Tip: The Ultimate Shoulder Warm-Up

Grab a light band and run through this clever drill. Your shoulders will feel amazing and you'll be ready to smash the heavy weights.

The shoulder has the potential to be either the most vulnerable joint in your body OR crazy strong through a vast range of motion. Failure to have variability in your shoulder work can result in overuse injuries, especially if you go down the route of specializing in a specific strength method or sport. A little bit of boring rehab/prehab work can help.

Standard strength programs generally concentrate on the positions that can be loaded the most, which make sense when you want to lift maximum loads. The problem with this is that the little guys can become very unhappy, and those little stabilizing muscles are the ones that make the biggest noise when you're injured.

People don't have time to run through a million different warm-up drills and corrective exercises. But throwing in a few rotational shoulder exercises will prevent a lot of bad things from happening.

Banded shoulder dislocates with an added "wrap around" are a great way to get the feel of your lats for deadlifts, pull-ups and Olympic lifts. They're also a good general warm-up for your shoulders. The reverse variation is a great way to get some pec work in, especially if you don't have any access to a cable machine.

Band Dislocates with Wrap-Arounds

Here's how to do it:

  1. Get a thin resistance band and take a wide grip with your arms and elbows locked out.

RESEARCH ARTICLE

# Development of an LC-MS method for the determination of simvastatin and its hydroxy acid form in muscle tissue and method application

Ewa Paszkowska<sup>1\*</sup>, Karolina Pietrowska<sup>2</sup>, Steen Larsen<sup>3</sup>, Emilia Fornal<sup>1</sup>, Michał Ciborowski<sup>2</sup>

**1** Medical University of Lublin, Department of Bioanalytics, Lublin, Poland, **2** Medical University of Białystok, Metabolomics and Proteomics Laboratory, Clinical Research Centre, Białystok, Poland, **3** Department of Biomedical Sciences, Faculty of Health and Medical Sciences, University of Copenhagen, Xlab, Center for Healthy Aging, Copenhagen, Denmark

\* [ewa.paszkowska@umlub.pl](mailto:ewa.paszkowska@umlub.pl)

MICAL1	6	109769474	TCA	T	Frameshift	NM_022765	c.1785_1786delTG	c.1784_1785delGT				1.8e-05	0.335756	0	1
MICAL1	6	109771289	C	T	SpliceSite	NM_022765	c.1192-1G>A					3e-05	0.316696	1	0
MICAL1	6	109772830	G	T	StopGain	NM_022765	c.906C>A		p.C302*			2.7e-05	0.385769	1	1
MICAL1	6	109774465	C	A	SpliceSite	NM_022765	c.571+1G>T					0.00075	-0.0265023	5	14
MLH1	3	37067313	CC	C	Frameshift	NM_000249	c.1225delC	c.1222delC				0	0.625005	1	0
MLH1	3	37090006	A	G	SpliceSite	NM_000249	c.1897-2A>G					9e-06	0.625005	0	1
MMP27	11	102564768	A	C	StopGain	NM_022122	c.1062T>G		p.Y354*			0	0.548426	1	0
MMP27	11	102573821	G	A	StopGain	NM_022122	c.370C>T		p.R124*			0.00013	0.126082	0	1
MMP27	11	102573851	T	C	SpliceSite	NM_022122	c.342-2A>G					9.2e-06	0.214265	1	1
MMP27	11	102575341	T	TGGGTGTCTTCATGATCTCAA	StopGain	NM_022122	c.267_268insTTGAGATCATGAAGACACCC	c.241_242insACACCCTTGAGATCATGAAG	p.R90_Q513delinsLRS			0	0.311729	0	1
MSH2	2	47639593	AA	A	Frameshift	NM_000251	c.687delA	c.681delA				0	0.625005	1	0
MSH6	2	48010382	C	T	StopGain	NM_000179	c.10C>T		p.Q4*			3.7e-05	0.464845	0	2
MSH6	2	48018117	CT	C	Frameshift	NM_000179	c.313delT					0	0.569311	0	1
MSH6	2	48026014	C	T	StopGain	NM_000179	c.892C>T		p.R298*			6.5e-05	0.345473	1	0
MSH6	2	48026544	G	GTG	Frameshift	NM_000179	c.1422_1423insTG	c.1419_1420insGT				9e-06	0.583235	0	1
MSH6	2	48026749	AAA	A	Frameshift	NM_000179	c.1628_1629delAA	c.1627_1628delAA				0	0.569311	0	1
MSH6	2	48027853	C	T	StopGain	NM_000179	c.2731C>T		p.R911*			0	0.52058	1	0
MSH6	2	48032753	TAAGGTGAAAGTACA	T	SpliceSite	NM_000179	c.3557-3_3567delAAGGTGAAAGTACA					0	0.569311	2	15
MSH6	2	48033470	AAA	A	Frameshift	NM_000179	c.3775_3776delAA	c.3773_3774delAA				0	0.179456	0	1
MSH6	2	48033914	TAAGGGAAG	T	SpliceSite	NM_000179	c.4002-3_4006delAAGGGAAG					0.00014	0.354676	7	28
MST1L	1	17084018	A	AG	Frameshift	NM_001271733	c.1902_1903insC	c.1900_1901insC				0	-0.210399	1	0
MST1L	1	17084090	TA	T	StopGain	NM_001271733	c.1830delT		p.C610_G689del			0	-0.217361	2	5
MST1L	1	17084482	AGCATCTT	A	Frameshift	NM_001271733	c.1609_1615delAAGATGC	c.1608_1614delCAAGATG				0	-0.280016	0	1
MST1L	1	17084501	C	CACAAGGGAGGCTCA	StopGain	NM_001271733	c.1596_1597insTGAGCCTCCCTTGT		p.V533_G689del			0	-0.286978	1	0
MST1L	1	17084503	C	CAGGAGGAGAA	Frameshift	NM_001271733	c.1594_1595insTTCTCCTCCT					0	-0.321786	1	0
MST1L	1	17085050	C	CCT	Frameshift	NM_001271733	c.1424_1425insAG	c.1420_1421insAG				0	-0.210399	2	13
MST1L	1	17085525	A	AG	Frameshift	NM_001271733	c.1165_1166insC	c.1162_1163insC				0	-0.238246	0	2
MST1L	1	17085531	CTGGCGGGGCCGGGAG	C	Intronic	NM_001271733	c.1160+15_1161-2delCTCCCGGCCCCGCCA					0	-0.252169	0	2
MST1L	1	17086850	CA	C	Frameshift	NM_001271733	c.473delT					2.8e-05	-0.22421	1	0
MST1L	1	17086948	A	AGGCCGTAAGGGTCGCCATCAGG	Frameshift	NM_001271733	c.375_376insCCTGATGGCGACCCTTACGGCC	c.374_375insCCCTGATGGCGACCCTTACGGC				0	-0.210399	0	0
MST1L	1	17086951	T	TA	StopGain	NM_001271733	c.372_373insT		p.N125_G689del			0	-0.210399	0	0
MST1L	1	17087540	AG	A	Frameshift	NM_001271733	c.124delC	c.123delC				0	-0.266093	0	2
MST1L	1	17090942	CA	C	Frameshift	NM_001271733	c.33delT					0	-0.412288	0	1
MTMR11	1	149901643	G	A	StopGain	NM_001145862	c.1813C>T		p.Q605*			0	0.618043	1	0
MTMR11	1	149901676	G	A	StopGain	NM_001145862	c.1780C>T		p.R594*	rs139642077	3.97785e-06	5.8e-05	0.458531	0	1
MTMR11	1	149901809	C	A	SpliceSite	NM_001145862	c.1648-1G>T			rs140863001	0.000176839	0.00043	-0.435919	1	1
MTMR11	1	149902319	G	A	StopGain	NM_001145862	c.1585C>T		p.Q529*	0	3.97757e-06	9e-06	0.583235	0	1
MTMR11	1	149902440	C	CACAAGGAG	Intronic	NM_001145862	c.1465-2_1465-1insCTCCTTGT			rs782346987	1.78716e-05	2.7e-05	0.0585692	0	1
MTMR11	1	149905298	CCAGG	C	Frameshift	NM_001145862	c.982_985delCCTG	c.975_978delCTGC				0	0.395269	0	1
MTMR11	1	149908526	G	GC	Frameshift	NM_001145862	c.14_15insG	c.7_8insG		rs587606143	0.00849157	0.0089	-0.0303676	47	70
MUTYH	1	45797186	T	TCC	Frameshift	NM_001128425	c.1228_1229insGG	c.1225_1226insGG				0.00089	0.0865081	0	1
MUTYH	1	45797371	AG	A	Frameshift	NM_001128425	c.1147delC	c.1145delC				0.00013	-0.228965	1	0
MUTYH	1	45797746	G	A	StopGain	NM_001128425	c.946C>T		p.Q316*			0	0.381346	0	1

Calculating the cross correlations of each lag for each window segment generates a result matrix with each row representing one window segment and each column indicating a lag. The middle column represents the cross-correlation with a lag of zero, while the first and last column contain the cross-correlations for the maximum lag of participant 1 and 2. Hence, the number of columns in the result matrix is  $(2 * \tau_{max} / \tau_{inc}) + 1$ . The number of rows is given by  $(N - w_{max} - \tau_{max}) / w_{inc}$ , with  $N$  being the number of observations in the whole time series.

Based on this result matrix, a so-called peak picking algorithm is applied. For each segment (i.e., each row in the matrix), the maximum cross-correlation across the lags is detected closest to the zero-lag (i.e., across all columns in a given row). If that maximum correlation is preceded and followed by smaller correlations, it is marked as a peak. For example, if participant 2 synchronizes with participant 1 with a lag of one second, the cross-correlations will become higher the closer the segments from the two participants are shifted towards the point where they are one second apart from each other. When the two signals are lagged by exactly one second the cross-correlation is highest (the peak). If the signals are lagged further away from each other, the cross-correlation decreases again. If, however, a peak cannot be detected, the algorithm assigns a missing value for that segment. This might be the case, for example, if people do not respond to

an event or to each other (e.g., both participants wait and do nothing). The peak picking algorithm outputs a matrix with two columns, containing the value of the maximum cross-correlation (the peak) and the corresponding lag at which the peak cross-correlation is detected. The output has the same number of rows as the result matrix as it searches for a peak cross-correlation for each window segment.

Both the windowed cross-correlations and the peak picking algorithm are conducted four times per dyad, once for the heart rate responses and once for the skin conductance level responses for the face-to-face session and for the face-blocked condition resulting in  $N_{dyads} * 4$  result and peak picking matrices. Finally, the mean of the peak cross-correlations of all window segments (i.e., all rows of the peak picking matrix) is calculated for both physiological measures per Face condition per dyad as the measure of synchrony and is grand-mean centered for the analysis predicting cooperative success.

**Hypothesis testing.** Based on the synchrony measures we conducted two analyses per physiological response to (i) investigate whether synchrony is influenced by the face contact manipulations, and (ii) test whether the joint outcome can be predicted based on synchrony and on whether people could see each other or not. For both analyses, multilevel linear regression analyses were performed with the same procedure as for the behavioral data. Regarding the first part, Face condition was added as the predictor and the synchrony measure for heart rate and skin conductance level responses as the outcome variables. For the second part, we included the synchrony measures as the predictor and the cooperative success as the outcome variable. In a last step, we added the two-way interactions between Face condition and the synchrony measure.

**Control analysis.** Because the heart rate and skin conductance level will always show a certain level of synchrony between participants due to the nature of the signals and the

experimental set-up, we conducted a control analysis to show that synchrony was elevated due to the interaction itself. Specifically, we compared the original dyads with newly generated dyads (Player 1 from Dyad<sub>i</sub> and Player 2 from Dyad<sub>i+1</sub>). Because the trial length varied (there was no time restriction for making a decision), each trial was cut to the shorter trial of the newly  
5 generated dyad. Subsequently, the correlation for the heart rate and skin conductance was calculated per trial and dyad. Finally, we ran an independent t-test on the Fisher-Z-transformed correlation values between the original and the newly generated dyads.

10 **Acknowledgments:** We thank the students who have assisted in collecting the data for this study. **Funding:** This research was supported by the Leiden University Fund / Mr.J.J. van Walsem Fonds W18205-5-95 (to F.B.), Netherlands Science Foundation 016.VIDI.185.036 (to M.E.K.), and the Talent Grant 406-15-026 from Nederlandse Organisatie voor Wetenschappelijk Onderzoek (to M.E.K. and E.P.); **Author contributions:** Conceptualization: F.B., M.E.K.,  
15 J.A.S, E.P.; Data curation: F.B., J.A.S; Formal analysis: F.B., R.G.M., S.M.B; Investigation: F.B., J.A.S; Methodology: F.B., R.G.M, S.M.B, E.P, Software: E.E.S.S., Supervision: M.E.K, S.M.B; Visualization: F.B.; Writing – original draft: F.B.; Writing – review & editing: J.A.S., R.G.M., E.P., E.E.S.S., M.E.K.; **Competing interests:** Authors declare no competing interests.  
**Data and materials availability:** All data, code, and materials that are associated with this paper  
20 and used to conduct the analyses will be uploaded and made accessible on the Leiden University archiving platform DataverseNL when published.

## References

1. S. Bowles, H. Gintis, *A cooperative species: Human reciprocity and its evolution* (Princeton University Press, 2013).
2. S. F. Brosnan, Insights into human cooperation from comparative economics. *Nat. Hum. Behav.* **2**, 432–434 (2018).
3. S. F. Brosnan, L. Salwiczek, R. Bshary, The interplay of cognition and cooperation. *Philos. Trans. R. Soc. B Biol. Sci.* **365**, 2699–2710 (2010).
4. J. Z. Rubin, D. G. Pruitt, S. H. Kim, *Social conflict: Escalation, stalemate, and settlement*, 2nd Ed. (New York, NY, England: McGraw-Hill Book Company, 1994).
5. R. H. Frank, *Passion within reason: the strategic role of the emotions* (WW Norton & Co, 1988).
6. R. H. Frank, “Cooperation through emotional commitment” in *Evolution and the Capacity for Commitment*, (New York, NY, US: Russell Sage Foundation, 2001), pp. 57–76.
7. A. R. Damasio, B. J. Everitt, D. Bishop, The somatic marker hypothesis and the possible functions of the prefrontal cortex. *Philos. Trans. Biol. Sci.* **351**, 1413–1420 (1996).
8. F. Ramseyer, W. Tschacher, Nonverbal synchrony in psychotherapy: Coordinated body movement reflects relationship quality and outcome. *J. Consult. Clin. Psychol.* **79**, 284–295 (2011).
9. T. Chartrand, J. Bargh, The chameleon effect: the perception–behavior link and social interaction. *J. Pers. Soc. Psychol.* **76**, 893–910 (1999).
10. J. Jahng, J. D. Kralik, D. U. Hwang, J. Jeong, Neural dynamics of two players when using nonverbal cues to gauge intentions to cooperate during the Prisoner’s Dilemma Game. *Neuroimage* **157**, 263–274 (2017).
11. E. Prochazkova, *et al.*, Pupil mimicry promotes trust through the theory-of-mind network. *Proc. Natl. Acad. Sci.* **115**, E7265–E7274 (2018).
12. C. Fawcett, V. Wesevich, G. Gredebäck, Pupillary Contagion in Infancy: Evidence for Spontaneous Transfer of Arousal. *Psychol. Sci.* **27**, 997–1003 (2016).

2. Initiate the movement from your shoulder and start to make a big circle around yourself.
  3. When you reach the top, elevate your shoulders up into your ears and begin to bring your arms down behind, dropping your shoulders back down again.
  4. Aim to feel a stretch in both pecs and biceps and ensure both shoulders are moving together.
  5. While at full extension behind you, wrap the band around your waist and squeeze your index fingers together in front of you, focusing on using your pecs.
  6. Return to the start position and wrap the band around your waist again, this time behind you, keeping your shoulders back and down.
  7. Pull back into yourself and focus on your lats and having tall posture.
  8. Repeat 10 times or throw it in between sets during training.
Tom Morrison is a British weightlifting coach, martial artist, and CrossFit trainer and competitor. Tom works with athletes on prerequisite movement capabilities for optimal strength, performance, and reduced risk of injury.  Follow Tom Morrison on Facebook